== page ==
More than a third of Irish employers are planning to hire for fully remote roles, with two-thirds of these suggesting this is an entirely new policy, according to new research from recruitment specialist Hays Ireland.
The data also shows that one in five hiring employers is currently offering signing-on bonuses to new employees.
And against a backdrop of ongoing talent shortages, 45 per cent of employers say they sometimes make counter-offers to hold on to staff, with 13 per cent saying counter-offers are a routine element of the staff retention policies. However, just over four in 10 companies say they have a policy of not making counter-offers in any circumstance.
Almost two in five (38 per cent) employers say they are more likely to make counter-offers to existing employees now than they were six months ago.
Elsewhere, just over a third of bosses say that employee salaries will increase in the next three months with more than half of those suggesting these projected increases are influenced by the rising cost of living.
Inflation in Ireland is running at an annualised rate of 9.1 per cent and the rising cost of living has placed a renewed focus on employee salaries and employee benefits, which has prompted a variety of responses from employers looking to recruit and retain the best talent.
In total, 45 per cent of employers claim to have provided employee pay increases in the last three months. The research suggests that many employers have moved to provide supports to employees outside the traditional area of salary.
Sixteen per cent of companies say they are providing free access to financial adviser services, while 8 per cent are offering supermarket discounts, 6 per cent are distributing household utility vouchers, and 5 per cent are facilitating employee loans.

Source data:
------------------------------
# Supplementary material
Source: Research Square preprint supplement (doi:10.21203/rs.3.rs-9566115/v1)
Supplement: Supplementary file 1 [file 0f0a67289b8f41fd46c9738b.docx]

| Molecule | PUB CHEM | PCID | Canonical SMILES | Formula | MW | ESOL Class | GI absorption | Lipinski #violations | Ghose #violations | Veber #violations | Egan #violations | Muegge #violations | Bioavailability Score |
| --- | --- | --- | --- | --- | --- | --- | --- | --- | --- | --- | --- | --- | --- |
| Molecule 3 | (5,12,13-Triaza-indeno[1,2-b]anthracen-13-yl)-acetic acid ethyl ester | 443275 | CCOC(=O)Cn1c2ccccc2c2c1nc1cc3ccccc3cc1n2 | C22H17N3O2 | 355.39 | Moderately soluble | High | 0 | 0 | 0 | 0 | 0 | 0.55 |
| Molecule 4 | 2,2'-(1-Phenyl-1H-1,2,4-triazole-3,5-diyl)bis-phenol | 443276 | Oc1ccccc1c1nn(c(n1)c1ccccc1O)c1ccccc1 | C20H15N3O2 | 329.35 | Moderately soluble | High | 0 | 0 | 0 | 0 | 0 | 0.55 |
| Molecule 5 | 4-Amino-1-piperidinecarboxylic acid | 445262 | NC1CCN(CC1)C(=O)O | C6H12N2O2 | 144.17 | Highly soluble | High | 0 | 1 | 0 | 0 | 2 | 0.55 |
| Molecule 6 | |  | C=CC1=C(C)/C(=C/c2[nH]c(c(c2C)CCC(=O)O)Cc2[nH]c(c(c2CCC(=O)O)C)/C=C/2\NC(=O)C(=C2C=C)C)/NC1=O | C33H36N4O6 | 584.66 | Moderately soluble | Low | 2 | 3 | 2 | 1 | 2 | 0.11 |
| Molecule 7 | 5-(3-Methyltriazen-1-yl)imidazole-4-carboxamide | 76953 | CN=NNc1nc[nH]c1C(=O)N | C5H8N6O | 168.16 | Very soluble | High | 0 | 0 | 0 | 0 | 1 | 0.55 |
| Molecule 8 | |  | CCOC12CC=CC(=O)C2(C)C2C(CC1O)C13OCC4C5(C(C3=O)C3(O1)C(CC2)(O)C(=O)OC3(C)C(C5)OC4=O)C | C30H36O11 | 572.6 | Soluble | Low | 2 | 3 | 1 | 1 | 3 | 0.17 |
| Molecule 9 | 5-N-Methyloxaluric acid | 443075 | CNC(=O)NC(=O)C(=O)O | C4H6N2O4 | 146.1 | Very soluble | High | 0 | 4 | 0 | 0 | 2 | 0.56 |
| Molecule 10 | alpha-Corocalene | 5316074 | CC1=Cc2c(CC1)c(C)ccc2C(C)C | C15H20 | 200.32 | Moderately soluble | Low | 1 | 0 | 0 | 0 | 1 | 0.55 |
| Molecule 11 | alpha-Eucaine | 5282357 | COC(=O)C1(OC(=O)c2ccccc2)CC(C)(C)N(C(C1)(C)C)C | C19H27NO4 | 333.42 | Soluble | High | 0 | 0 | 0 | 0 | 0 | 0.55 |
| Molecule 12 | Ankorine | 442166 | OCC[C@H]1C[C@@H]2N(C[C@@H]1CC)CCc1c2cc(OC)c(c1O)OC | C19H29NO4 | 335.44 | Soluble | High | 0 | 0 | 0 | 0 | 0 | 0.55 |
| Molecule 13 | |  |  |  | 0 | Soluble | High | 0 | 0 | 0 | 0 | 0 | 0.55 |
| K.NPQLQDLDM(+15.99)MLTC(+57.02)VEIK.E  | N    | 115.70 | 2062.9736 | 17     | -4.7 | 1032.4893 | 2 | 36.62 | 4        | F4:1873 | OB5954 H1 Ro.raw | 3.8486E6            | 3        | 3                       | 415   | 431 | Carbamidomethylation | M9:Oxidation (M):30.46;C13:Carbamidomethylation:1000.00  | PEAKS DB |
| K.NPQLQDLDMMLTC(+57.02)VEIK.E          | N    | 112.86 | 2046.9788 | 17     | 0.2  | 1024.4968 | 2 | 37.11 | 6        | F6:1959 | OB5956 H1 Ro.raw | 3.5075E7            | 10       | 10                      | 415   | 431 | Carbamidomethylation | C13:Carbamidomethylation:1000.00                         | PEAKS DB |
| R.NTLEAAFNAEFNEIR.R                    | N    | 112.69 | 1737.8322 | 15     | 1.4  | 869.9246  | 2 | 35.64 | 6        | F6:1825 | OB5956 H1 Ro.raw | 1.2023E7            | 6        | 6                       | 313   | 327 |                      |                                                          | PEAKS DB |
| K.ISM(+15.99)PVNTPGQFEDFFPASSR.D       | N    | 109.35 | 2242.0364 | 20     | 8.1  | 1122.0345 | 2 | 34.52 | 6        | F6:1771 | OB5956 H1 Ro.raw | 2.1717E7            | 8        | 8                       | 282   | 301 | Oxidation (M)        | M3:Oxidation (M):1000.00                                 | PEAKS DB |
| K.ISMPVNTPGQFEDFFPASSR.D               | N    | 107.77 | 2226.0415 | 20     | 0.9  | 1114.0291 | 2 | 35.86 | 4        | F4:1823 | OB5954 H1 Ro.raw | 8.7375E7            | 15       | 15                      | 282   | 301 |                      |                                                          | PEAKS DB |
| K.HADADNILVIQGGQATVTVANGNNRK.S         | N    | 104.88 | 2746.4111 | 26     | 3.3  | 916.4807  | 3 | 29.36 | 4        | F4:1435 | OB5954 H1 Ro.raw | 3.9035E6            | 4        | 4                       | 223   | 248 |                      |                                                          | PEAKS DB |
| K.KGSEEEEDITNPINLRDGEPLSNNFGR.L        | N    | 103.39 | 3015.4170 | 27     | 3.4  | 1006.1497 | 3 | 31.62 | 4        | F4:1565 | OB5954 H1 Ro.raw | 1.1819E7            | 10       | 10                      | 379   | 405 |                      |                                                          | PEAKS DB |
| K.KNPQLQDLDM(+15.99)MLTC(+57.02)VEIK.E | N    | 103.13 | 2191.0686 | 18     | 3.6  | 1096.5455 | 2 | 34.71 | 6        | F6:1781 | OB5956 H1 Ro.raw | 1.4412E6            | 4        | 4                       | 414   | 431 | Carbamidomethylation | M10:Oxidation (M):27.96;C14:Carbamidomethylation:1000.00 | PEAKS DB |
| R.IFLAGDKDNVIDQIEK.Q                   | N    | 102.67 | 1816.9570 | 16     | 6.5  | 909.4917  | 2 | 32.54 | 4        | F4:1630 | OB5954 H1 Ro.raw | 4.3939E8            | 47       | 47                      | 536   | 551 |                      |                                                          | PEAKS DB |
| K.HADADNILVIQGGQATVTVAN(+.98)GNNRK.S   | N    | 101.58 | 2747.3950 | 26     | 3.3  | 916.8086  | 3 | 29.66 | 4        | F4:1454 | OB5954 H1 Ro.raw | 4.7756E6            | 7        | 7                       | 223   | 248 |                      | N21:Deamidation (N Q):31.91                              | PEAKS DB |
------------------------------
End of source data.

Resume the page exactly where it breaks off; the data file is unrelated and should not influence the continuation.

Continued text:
Maureen Lynch, director at Hays Ireland, said: “The Irish recruitment landscape is constantly evolving. This places an acute expectation on employers to evolve their employee offerings and recruitment strategies in parallel.
“One of the key challenges to emerge in 2022 is the rising cost of living. This trend is not specific to Ireland, however, Irish inflation rates are currently running above the European average.
“Irish-based employers have responded with a range of measures, including salary increases, a renewed emphasis on fully remote roles and an unprecedented rate of counter-offering to potentially departing staff.”
Overall, she said, the jobs market remains “candidate-driven”, with many employers in sectors such as banking and finance, technology, construction, and engineering finding it tough to source talent despite reports of a potential economic slowdown.
“In light of this ongoing competition for the best talent, we would advise corporates to continue to re-evaluate their recruitment and retention strategies to stay ahead of the competition,” she said. “What proved successful 12 months ago, may no longer be fit for purpose today. Those who recognise this distinction are best placed to navigate the current macro environment.”
The research was carried out in July and received 690 responses from Irish-based employers and employees.